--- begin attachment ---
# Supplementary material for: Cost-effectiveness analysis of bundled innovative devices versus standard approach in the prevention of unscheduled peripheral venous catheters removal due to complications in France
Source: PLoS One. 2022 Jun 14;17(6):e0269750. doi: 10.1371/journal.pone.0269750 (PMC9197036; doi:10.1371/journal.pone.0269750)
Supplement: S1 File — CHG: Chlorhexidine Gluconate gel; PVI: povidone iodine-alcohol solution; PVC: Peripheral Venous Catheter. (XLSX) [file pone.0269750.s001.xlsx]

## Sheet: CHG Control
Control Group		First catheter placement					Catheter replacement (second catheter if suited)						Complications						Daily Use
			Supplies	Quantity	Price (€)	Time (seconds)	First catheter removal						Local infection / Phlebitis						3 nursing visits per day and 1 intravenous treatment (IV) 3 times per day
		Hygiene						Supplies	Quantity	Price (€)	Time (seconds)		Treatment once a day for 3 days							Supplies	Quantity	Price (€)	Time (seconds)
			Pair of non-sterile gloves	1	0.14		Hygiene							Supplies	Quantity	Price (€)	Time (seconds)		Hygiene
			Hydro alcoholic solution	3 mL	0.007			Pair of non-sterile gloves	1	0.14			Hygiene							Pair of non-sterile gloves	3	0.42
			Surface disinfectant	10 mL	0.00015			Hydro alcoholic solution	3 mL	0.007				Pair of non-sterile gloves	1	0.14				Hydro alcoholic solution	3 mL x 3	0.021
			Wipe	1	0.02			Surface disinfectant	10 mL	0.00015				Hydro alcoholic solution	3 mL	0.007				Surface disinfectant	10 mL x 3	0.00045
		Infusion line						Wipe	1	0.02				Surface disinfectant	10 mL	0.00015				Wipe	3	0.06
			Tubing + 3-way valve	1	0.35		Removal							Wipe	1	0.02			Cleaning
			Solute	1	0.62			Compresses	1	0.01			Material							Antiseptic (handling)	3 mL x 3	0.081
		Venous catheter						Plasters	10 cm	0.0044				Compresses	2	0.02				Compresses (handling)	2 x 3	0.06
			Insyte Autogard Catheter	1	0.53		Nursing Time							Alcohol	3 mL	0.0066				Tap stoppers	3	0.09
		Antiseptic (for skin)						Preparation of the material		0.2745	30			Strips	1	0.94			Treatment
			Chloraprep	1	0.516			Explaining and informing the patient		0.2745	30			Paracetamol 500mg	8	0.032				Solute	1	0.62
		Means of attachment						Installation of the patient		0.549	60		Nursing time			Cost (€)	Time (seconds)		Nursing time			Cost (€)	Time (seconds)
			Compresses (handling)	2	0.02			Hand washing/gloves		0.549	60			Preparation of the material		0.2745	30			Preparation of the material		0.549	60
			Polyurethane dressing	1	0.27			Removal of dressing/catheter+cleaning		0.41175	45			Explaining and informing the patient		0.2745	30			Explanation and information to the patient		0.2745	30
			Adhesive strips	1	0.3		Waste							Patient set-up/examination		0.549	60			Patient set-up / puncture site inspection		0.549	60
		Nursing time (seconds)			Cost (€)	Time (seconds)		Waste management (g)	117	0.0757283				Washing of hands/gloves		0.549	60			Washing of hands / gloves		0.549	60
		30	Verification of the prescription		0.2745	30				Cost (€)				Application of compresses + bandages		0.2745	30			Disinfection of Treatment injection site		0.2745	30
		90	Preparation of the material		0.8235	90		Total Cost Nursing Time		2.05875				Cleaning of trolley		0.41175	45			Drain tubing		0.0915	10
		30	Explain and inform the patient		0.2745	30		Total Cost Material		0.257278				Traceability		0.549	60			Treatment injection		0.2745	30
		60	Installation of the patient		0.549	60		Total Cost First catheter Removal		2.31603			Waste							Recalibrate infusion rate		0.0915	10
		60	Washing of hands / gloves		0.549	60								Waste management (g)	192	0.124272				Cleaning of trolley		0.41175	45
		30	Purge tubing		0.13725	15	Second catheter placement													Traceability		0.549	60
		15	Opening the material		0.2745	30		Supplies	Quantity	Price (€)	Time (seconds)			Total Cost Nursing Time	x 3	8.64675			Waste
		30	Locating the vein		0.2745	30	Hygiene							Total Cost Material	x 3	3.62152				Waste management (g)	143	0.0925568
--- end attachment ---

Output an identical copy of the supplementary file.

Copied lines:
# Supplementary material for: Cost-effectiveness analysis of bundled innovative devices versus standard approach in the prevention of unscheduled peripheral venous catheters removal due to complications in France
Source: PLoS One. 2022 Jun 14;17(6):e0269750. doi: 10.1371/journal.pone.0269750 (PMC9197036; doi:10.1371/journal.pone.0269750)
Supplement: S1 File — CHG: Chlorhexidine Gluconate gel; PVI: povidone iodine-alcohol solution; PVC: Peripheral Venous Catheter. (XLSX) [file pone.0269750.s001.xlsx]

## Sheet: CHG Control
Control Group		First catheter placement					Catheter replacement (second catheter if suited)						Complications						Daily Use
			Supplies	Quantity	Price (€)	Time (seconds)	First catheter removal						Local infection / Phlebitis						3 nursing visits per day and 1 intravenous treatment (IV) 3 times per day
		Hygiene						Supplies	Quantity	Price (€)	Time (seconds)		Treatment once a day for 3 days							Supplies	Quantity	Price (€)	Time (seconds)
			Pair of non-sterile gloves	1	0.14		Hygiene							Supplies	Quantity	Price (€)	Time (seconds)		Hygiene
			Hydro alcoholic solution	3 mL	0.007			Pair of non-sterile gloves	1	0.14			Hygiene							Pair of non-sterile gloves	3	0.42
			Surface disinfectant	10 mL	0.00015			Hydro alcoholic solution	3 mL	0.007				Pair of non-sterile gloves	1	0.14				Hydro alcoholic solution	3 mL x 3	0.021
			Wipe	1	0.02			Surface disinfectant	10 mL	0.00015				Hydro alcoholic solution	3 mL	0.007				Surface disinfectant	10 mL x 3	0.00045
		Infusion line						Wipe	1	0.02				Surface disinfectant	10 mL	0.00015				Wipe	3	0.06
			Tubing + 3-way valve	1	0.35		Removal							Wipe	1	0.02			Cleaning
			Solute	1	0.62			Compresses	1	0.01			Material							Antiseptic (handling)	3 mL x 3	0.081
		Venous catheter						Plasters	10 cm	0.0044				Compresses	2	0.02				Compresses (handling)	2 x 3	0.06
			Insyte Autogard Catheter	1	0.53		Nursing Time							Alcohol	3 mL	0.0066				Tap stoppers	3	0.09
		Antiseptic (for skin)						Preparation of the material		0.2745	30			Strips	1	0.94			Treatment
			Chloraprep	1	0.516			Explaining and informing the patient		0.2745	30			Paracetamol 500mg	8	0.032				Solute	1	0.62
		Means of attachment						Installation of the patient		0.549	60		Nursing time			Cost (€)	Time (seconds)		Nursing time			Cost (€)	Time (seconds)
			Compresses (handling)	2	0.02			Hand washing/gloves		0.549	60			Preparation of the material		0.2745	30			Preparation of the material		0.549	60
			Polyurethane dressing	1	0.27			Removal of dressing/catheter+cleaning		0.41175	45			Explaining and informing the patient		0.2745	30			Explanation and information to the patient		0.2745	30
			Adhesive strips	1	0.3		Waste							Patient set-up/examination		0.549	60			Patient set-up / puncture site inspection		0.549	60
		Nursing time (seconds)			Cost (€)	Time (seconds)		Waste management (g)	117	0.0757283				Washing of hands/gloves		0.549	60			Washing of hands / gloves		0.549	60
		30	Verification of the prescription		0.2745	30				Cost (€)				Application of compresses + bandages		0.2745	30			Disinfection of Treatment injection site		0.2745	30
		90	Preparation of the material		0.8235	90		Total Cost Nursing Time		2.05875				Cleaning of trolley		0.41175	45			Drain tubing		0.0915	10
		30	Explain and inform the patient		0.2745	30		Total Cost Material		0.257278				Traceability		0.549	60			Treatment injection		0.2745	30
		60	Installation of the patient		0.549	60		Total Cost First catheter Removal		2.31603			Waste							Recalibrate infusion rate		0.0915	10
		60	Washing of hands / gloves		0.549	60								Waste management (g)	192	0.124272				Cleaning of trolley		0.41175	45
		30	Purge tubing		0.13725	15	Second catheter placement													Traceability		0.549	60
		15	Opening the material		0.2745	30		Supplies	Quantity	Price (€)	Time (seconds)			Total Cost Nursing Time	x 3	8.64675			Waste
		30	Locating the vein		0.2745	30	Hygiene							Total Cost Material	x 3	3.62152				Waste management (g)	143	0.0925568